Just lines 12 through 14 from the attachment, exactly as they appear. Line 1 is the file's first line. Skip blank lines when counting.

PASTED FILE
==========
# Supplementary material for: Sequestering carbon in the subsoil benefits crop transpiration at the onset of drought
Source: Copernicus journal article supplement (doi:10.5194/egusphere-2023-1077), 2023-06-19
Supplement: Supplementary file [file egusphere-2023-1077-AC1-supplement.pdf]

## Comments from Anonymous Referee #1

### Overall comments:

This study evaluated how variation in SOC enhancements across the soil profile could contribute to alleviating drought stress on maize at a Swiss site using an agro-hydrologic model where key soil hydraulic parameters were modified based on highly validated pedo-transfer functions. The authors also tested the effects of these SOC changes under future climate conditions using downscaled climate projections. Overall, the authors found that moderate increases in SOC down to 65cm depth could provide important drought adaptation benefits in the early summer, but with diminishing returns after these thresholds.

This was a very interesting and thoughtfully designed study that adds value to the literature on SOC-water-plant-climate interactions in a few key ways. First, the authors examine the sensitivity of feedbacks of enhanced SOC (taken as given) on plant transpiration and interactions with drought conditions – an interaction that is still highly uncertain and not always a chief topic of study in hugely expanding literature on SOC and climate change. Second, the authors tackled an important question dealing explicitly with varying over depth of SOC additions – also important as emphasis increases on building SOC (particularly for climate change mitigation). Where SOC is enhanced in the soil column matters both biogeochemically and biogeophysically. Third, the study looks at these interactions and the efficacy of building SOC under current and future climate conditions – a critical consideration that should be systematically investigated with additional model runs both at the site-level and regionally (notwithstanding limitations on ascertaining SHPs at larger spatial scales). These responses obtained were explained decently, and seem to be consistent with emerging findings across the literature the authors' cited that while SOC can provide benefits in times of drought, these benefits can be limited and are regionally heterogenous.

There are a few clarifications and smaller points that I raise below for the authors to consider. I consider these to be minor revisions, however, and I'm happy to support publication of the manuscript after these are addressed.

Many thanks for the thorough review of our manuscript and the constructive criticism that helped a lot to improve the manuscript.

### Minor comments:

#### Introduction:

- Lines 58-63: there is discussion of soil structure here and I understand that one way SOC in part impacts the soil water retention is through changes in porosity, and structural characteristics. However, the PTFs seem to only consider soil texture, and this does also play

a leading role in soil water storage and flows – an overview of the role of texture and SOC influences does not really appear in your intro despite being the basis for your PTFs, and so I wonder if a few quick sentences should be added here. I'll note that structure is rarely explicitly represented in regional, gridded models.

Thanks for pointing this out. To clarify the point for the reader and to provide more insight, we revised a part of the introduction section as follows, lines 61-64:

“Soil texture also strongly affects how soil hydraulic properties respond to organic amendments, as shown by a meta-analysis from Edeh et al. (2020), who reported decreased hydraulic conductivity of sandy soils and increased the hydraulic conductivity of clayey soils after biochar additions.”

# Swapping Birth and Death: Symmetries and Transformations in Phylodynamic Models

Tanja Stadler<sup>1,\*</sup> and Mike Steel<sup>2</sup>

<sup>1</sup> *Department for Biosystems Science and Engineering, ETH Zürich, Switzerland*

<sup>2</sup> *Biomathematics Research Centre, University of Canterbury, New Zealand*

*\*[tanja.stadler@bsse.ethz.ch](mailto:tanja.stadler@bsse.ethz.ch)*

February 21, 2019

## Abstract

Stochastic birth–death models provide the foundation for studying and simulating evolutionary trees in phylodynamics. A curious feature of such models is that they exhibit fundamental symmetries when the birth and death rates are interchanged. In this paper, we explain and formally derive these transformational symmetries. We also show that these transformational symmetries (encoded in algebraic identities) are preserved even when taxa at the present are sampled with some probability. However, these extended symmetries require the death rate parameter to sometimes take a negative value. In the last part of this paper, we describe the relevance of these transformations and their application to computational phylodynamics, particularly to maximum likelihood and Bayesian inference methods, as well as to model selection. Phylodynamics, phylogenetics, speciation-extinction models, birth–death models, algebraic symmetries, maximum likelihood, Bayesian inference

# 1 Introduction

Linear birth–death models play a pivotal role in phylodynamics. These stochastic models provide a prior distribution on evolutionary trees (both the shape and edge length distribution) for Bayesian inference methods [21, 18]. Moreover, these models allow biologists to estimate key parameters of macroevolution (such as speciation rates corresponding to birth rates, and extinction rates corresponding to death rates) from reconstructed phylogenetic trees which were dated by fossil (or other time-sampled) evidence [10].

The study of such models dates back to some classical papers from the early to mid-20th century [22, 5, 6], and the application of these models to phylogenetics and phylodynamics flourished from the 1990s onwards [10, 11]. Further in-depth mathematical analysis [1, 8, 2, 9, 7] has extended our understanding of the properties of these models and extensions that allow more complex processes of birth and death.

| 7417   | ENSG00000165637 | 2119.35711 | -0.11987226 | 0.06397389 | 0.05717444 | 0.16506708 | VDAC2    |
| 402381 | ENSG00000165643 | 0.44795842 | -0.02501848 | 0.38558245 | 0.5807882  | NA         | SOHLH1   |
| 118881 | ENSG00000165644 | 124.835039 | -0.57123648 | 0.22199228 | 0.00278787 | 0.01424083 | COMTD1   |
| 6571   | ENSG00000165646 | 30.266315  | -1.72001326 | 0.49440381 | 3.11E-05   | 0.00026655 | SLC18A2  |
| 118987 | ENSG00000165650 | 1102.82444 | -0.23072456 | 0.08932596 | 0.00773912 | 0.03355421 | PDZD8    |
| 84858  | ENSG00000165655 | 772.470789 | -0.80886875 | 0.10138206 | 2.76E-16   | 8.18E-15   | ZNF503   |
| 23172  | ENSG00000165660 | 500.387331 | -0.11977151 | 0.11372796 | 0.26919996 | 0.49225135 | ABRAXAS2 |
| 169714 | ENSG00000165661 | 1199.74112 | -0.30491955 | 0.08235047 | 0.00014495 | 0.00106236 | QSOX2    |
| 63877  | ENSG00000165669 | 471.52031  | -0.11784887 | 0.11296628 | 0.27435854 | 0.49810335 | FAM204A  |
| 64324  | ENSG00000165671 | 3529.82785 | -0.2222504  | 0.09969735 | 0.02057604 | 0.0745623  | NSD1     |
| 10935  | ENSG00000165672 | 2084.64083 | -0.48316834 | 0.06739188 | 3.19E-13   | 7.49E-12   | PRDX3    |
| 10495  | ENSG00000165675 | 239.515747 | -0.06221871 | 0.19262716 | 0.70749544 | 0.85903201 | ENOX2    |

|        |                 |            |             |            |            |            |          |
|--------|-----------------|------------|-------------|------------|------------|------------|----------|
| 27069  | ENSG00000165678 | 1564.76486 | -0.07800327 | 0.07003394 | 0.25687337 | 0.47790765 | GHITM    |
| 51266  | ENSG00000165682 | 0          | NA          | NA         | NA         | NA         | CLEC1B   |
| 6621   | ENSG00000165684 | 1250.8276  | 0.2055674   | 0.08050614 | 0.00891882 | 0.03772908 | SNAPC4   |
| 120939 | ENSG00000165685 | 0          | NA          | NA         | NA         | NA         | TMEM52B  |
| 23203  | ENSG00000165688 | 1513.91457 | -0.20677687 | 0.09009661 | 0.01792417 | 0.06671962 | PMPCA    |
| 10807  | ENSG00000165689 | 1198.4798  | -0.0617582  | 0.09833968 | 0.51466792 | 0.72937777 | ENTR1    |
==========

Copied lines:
- Lines 58-63: there is discussion of soil structure here and I understand that one way SOC in part impacts the soil water retention is through changes in porosity, and structural characteristics. However, the PTFs seem to only consider soil texture, and this does also play

a leading role in soil water storage and flows – an overview of the role of texture and SOC influences does not really appear in your intro despite being the basis for your PTFs, and so I wonder if a few quick sentences should be added here. I'll note that structure is rarely explicitly represented in regional, gridded models.

Thanks for pointing this out. To clarify the point for the reader and to provide more insight, we revised a part of the introduction section as follows, lines 61-64: